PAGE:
When our son Clay was involved in Christy, he bonded with Andy, the child who played Little Burl. Clay played his brother, Creed Allen. Andy’s mom loved for Clay to hang out with them because Clay managed to entertain her toddler, Alex, in a way that lessened her parenting burden—understandably so, as Alex was a handful by any definition. I always remember going out to eat with them once when Alex was inconsolably howling his head off. I was at a loss as to how to ease the situation. But his mother smiled calmly. “I love this restaurant,” she said, taking another bite. “Anywhere else, I’d have been asked to leave by now.”
Clay often accompanied Andy, Alex, and their mom on outings. On one memorable occasion, they returned to our hotel in Townsend from a trip to Gatlinburg. Their car, and Clay’s clothing, exuded a decidedly foul odor. Motion sickness runs in our family. Andy’s mom took this calmly as well.
By the time we arrived at the Dancing Bear, I was beginning to regret our choice. Once inside, my nausea subsided, and I ordered modestly but with a growing appetite. Norm had the filet, which came with a foie gras glaze. He ordered it without the glaze, as he eats virtually anything but liver. (I was tempted to ask for his glaze on the side but resisted). I had looked forward to the scallops, but they were only a starter on this evening, so I ordered them plus a pear salad. Both were amazing. I left the restaurant, no longer thinking that I’d never voluntarily undertake that drive again, but wondering what I’d order next time.
In 2020, when we didn’t go to Gatlinburg, Norm baked me a crustless quiche at home.
In past anniversary trips, we have made different choices, including the free-standing shows in Pigeon Forge, the craft circle in Gatlinburg, the outlet mall in Sevierville, the Titanic Museum, and more. Next year we plan to go to the Aquarium in Gatlinburg. So, I anticipate another blog at some point about this quaint and intriguing part of our home state of Tennessee.
In one of my newsletters, I related a humorous incident that occurred in a bed and breakfast near Dublin, Ireland. I received more positive responses to this piece than usual, and an idea was born. Travel has always been one of my joys, though the pandemic has taken its toll, of course. I’ve kept countless detailed journals over the years, intending to incorporate the settings into novels.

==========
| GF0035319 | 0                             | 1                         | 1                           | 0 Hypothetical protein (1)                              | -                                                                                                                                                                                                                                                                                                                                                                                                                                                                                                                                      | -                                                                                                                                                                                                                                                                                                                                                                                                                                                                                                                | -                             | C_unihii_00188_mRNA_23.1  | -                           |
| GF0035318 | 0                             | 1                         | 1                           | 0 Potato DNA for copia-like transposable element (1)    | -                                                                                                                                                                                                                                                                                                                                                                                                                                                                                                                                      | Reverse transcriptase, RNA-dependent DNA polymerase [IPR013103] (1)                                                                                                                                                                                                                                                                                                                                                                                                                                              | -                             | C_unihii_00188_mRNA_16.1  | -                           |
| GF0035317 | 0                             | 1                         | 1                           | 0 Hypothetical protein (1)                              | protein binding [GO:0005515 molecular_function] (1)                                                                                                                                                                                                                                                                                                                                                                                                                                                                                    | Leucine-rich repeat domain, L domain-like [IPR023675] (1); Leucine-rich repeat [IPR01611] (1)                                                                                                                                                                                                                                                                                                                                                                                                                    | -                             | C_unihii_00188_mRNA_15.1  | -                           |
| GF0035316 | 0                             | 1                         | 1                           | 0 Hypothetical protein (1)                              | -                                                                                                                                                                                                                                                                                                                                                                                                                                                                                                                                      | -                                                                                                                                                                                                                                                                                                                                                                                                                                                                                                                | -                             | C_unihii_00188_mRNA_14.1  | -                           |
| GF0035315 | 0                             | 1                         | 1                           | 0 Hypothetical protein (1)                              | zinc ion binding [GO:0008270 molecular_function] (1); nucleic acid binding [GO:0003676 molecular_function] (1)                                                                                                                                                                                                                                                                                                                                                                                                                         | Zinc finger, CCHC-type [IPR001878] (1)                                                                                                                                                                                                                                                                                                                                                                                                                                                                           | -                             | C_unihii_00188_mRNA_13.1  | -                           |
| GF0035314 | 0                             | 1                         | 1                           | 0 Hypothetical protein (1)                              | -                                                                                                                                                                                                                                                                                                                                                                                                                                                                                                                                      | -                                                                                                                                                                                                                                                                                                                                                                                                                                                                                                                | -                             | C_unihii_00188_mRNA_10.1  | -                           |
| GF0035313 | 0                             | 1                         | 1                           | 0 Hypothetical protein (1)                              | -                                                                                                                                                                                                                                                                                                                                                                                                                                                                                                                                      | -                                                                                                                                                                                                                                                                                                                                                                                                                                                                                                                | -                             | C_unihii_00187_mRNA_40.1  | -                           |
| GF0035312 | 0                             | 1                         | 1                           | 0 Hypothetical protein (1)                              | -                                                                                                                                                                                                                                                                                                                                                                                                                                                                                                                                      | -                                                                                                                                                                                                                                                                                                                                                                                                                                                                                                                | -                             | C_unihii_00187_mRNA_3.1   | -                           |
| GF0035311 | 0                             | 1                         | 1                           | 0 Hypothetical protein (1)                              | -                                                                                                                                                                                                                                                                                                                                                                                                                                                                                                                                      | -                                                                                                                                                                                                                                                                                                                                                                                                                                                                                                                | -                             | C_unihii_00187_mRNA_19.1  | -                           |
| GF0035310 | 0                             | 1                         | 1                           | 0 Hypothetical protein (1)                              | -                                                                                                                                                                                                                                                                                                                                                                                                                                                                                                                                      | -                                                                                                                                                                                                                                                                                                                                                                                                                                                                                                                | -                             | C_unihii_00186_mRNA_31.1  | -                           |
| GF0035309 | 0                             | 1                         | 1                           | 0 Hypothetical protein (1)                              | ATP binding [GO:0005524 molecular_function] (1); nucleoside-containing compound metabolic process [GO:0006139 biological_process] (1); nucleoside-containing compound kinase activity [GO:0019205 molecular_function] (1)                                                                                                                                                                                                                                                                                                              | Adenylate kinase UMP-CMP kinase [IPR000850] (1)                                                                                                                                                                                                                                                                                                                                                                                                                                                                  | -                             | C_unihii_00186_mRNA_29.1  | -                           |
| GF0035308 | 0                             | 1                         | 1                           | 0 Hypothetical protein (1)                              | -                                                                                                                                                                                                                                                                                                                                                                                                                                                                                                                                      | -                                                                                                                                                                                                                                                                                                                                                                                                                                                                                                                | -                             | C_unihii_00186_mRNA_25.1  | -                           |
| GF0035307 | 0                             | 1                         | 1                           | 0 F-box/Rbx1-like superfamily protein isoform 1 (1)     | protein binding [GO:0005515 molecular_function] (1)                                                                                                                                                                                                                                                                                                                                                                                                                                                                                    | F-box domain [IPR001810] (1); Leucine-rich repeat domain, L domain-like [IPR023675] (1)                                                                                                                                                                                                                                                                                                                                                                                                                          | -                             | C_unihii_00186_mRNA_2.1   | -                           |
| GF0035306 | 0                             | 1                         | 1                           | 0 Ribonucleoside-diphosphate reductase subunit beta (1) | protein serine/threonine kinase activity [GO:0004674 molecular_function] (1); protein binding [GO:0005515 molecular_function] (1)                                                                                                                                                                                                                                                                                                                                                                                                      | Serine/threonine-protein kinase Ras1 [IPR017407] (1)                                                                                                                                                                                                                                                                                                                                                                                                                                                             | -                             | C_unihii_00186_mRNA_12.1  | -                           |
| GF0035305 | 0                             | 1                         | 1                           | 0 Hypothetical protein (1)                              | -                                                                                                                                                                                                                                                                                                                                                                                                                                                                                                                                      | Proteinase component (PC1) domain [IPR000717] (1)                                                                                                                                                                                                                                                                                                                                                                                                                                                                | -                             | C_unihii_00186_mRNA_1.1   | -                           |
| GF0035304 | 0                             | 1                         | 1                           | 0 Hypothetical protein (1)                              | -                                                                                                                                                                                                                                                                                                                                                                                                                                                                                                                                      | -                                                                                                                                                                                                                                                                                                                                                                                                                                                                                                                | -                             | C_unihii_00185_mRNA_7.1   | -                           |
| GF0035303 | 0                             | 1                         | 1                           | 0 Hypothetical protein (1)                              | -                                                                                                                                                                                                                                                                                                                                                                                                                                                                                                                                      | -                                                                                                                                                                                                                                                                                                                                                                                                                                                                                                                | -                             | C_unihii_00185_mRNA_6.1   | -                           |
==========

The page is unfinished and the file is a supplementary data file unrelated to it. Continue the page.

While not abandoning that idea, I’m thinking of starting a travel blog in which I take the reader to a few of the places I’ve been. My travels have been varied, from taking bus trips or river cruises to renting cars or traveling by train. Because my work has taken me most often to New Zealand (eighteen visits, averaging a month each) and Belgium, I’m likely to begin with those.
If I do this, in my newsletters I’ll incorporate a snippet and a link to the more detailed blog for those interested. In the blog I may talk about where I stayed, what I saw, food, history, what went well, and what turned out disastrously. Because I always figured I could see more places if I was cost conscious, I’ve stayed on occasion in hostels and campgrounds, but when the prices were right (Thailand, for instance) we stayed in some magnificent hotels.
As I keep writing, I’ll also keep you updated on my books, of course. Let me hear your thoughts on this. If you don’t like the idea, please don’t hesitate to say so. I haven’t decided.
In Song of Sugar Sands, Acadia and Peter run out of money on a trip to Gatlinburg and laugh over steak that’s too tough to chew and swallow. Their car breaks down, as did ours on our honeymoon (though we were in Nashville rather than Gatlinburg)—and, yes, I remember that grizzly steak, which was on an anniversary trip to Gatlinburg.
Here’s a brief excerpt from the novel. In this scene Acadia and Peter are on their honeymoon:
Our resources had dwindled considerably by the time we shopped for men’s clothes. Determined to be as generous as Peter had been, I encouraged him to spend most of our remaining dollars on shirts, ties, and trousers. More from necessity than choice, we dined at an inexpensive fifties-style diner decorated with photographs of Elvis Presley, Marilyn Monroe, James Dean, and old cars. I stared at a huge photo of Marilyn. How short her life had been, how sad too, judging from what I’d read.
We were starving by the time our food came, and I speared a particularly large steak tip. The meat was so full of gristle, I had to chew for what seemed an eternity before I could swallow. “This must be one of those foods where you burn more calories than you consume.”
“Yeah? What are some of the others?”
“Celery, I think,” I said and Peter grimaced. “You never heard that? They’re great diet foods because you chew for so long you can’t gain weight on them.”
“Maybe we should complain,” Peter said. He was still working on his first bite. “This is ridiculous.”